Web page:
Bottom line: Carson reflects upon Scripture and in doing so he provides theological discernment and wise direction. Highly recommended and especially for pastors.
(2) General List:
Here is a brief list of books I recommend for a pastor or or general Christian readers desiring a thorough study on the person and work of the Holy Spirit.
1. The Holy Spirit and Spiritual Gifts by Max Turner
(3) Most recently read:
2. Systematic Theology by Wayne Grudem (especially pages 1,016–1,090)
3. Are Miraculous Gifts for Today? Four Views edited by Wayne Grudem
4. Perspectives on Spirit Baptism: Five Views edited by Chad Owen Brand
5. God’s Empowering Presence by Gordon Fee
6. The Gift of Prophecy in the New Testament and Today by Wayne Grudem
7. The Beginner’s Guide to Spiritual Gifts by Sam Storms.
Engaging with the Holy Spirit: Six Crucial Questions by Graham A. Cole
Though Graham Cole is not a familiar name at present to many, he is professor of biblical and systematic theology at Trinity Evangelical Divinity School (Deerfield, IL) and was previously the principal of Ridley College (University of Melbourne).
I recommend Engaging with the Holy Spirit
for its content but I also enjoyed the overall structure of the book, too. I think pastors should consider the structure as a series of sermons to teach this topic to a church (not necessary all of these topics or in this order).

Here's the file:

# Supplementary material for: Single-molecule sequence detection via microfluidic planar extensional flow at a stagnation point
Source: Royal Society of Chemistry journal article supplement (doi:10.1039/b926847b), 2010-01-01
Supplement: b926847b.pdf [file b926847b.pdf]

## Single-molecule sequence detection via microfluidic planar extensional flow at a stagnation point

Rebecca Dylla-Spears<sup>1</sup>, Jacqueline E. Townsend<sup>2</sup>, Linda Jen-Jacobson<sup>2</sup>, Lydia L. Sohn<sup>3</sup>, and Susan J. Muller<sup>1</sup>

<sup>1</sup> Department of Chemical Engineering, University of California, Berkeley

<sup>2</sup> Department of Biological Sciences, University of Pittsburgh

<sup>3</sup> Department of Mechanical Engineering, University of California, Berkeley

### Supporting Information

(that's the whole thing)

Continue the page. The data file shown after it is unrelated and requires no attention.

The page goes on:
Here are the chapters:
1: What Is Blasphemy against the Holy Spirit?
2: How May We Resist the Holy Spirit?
3: Ought We to Pray to the Holy Spirit?
4: How Do We Quench the Holy Spirit?
5: How Do We Grieve the Holy Spirit?
6: How Does the Holy Spirit Fill Us?
This book helpfully addresses questions that pastors and other people have about the person and work of the Holy Spirit. Most helpful, Dr. Cole isolates a number of passages that at times people can find confusing or perplexing as to how these passages apply to their daily life and their present, immediate experience of the Holy Spirit and relationship to the Holy Spirit.
He Who Gives Life: The Doctrine of the Holy Spirit by Graham A. Cole
Another title from Dr. Cole I recently completed. And I really liked this book.
Though I don’t think he is a charismatic/continuationist, I really appreciated his tone and attitude. I found Dr. Cole to be not only careful in his treatment of Scripture, but humble and gracious as well.
He carefully balances his approach toward those in the charismatic/continuationist position—both appropriately commending and at times appropriately critiquing:
Positively speaking, great expectations of God is a defining characteristic of the charismatic movement in mainline churches and of Pentecostal and Third Wave churches. In the light of this, the open but discerning position means a certain generosity toward those who are enthusiastic for Christ and who believe in a living God who acts in history today, but whose theological skill in articulating the nature of their experiences, ministries, and gifting may be lacking. For example, someone may speak of how the Holy Spirit has given them the gift of prophecy, whereas to my mind when I hear them speak, it sees more like an expression of Christian wisdom. Genuine gifts from God and experiences of the Lord may simply be misdescribed. It is all too easy to dismiss the experience rather than to explain the way of the Lord more accurately as Priscilla and Aquila did with Apollos (Acts 18:26). (pp. 257–258)